1 have discovered that a fine-grained semicrystalline body containing nepheline (Nag/K1 2810 as the primary crystalline phase with, optionally, minor amounts of feldspar (Na O, K 0-Al O -6SiO and exhibiting the high mechanical strength attributable to an even, fine-grained crystal structure can be produced from a glass body having a composition within a specified range by following a ceramming schedule (i.e., a precisely defined time-temperature treatment) which employs faster heating rates, lower holding temperatures, and shorter dwell times at the holding temperatures than taught by the prior art.
ln its broadest terms my invention comprises an improved method of manufacturing glass-ceramics containing a crystal phase consisting essentially of nepheline with, optionally, minor amounts of feldspar wherein after melting a batch for a glass of a composition hereinafter described and forming a glass article therefrom, the glass article is heat treated according to a schedule wherein it is first rapidly heated to a temperature of about 680-730 C., held in that range if necessary for a time sufficient to complete nucleation, then heated to a temperature of about 800-850 C., held in that range until the desired crystallization is attained, and finally cooled to room temperature.
Glass articles which may be successfully treated according to the present invention consist essentially, on a weight percent basis, of about 26-56% SiO 25-30% A1 0,, 16-20% Na O CaO, wherein Na O ranges 10-14% and CaO ranges 4-9% by weight of the batch, 0.l-4% MgO, and 25-10% TiO Additions of other compatible oxides may be made in the indicated proportions as selected from the group consisting of O5% K 0, 0-10% PbO, 05% ZnO, 0-5% CdO, 0-2% U 0, and 03% B 0 provided such additions total not more than 10 percent by weight of the batch. The aforementioned composition ranges have been found to be critical in manufacturing a body wherein the crystal phase consists essentially of nepheline with, optionally, minor amounts of feldspar. The presence of feldspar in amounts between about 5-25 percent of the total crystallization has been found desirable in producing a lower thermal expansion body with improved thermal shock resistance. The batch ingredients may comprise any materials whether oxides or other compounds, which will yield the desired oxides in the proper proportions upon being fused together.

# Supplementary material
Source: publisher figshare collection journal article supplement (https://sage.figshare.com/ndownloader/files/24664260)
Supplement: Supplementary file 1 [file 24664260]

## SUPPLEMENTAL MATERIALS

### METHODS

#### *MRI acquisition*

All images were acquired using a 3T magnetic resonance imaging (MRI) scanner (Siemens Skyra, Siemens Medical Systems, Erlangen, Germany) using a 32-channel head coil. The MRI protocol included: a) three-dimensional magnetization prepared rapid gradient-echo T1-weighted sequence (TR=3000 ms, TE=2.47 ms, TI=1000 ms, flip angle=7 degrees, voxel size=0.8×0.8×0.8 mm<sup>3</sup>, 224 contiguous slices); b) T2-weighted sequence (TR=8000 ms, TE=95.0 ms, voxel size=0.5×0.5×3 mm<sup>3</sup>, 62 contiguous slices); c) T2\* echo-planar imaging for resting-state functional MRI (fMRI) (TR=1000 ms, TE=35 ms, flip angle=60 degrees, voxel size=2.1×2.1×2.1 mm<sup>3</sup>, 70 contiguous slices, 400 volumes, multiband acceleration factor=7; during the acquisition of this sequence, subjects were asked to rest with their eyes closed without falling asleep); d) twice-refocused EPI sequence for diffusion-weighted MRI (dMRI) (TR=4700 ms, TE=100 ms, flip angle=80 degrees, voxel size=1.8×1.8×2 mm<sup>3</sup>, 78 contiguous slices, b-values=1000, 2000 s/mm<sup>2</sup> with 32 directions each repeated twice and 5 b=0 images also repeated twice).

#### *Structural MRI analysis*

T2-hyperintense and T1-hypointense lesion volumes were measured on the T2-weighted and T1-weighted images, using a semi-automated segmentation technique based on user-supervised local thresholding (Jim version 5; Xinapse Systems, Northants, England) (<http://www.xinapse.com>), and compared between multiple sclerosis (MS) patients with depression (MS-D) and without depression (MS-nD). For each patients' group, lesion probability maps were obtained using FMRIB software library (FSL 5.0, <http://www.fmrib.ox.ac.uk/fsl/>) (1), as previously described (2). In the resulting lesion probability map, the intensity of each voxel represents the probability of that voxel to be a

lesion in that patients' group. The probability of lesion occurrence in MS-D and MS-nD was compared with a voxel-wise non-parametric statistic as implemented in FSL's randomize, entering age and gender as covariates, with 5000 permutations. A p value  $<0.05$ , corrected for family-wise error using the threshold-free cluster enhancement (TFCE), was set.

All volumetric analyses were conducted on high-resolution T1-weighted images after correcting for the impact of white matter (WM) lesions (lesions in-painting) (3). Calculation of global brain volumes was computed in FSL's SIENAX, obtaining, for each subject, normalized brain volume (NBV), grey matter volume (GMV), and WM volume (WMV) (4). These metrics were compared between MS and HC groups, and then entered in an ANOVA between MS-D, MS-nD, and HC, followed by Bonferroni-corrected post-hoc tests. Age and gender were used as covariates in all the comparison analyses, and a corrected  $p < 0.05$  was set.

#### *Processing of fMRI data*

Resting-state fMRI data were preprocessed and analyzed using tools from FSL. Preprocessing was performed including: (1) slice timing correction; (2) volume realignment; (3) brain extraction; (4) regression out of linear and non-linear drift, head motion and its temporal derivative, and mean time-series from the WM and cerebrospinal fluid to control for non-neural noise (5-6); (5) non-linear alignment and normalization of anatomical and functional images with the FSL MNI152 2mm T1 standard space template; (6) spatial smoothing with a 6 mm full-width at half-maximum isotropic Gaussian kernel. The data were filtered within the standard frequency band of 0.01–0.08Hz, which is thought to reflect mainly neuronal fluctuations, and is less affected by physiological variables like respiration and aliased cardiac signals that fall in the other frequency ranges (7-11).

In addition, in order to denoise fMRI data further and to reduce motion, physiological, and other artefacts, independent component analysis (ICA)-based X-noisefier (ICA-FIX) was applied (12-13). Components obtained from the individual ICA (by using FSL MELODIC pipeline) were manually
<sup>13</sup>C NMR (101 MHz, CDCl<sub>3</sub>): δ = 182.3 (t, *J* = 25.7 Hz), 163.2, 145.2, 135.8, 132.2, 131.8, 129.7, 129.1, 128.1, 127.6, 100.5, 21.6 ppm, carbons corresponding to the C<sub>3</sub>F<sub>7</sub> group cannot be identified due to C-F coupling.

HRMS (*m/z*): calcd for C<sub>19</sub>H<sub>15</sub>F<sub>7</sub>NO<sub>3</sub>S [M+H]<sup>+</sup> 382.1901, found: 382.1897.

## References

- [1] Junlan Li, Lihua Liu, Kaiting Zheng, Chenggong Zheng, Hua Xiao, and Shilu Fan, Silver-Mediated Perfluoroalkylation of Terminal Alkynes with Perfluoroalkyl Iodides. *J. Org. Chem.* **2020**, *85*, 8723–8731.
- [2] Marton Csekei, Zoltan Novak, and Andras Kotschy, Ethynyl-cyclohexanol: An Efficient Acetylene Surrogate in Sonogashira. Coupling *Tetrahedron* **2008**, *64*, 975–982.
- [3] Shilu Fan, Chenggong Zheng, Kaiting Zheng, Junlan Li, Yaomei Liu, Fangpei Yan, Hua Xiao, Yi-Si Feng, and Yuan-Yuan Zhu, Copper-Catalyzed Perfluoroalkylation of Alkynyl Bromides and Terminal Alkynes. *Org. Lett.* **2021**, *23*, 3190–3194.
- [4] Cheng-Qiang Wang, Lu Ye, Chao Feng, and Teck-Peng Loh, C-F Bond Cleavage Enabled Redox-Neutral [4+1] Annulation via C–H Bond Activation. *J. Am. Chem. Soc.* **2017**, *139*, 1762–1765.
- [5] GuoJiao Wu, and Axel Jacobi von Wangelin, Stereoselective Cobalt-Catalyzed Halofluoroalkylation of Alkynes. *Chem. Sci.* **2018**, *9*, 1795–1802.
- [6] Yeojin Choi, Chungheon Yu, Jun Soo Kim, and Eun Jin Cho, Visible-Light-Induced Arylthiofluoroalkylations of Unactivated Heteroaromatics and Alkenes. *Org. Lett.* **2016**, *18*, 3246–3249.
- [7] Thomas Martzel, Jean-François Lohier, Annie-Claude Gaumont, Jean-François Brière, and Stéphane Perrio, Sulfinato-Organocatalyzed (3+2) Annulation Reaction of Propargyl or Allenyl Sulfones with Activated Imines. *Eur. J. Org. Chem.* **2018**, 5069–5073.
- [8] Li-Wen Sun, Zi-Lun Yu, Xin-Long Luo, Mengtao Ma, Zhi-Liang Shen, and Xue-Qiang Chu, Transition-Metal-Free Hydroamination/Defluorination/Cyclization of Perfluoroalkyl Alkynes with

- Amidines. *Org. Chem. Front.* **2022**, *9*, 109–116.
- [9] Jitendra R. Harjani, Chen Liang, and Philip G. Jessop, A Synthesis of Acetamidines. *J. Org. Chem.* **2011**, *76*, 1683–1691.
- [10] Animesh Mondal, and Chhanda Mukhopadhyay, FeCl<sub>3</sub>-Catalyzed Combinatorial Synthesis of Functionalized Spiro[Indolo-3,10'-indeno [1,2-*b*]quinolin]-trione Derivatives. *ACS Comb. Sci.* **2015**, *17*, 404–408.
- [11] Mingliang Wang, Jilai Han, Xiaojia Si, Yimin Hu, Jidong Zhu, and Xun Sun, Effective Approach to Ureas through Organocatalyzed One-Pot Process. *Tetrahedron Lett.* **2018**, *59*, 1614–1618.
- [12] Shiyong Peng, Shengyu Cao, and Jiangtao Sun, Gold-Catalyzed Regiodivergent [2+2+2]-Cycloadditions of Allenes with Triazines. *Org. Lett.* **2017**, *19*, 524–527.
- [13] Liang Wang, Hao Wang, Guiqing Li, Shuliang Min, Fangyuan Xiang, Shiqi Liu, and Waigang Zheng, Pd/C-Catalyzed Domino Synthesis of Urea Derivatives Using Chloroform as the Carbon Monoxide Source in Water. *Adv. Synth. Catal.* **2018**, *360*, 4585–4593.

Table I illustrates an example of a particular composition within the aforementioned composition range, as calculated from the batch in weight percent on the oxide basis, which is preferred in carrying out my invention. Also shown are the typical batch ingredients and the proportions thereof in parts by weight which, upon being fused together into a melt for a glass, will yield the oxide composition appearing therewith. Generally, a fining agent such as A5 0 is also added to the batch in amounts less than 1 percent by weight, but it has been omitted from the table for convenience, since the residual amount remaining in the glass is too small to have any measurable effect on the properties thereof.
Glasses of the aforementioned composition may be prepared according to conventional procedures by melting in pots, tanks, or crucibles at 1,500" C. for at least 4 hours. Articles of the desired shapes may then be formed therefrom by blowing, drawing, pressing, or the like.
Glass articles so formed may be cooled to room temperature for inspection or other purpose if desired. However, where economy in production is important they may instead by cooled only to the transformation range, i.e., that temperature at which the molten glass becomes an amorphous solid, (normally deemed to be between the strain and annealing points of the glass) and then immediately subjected to heat treatment.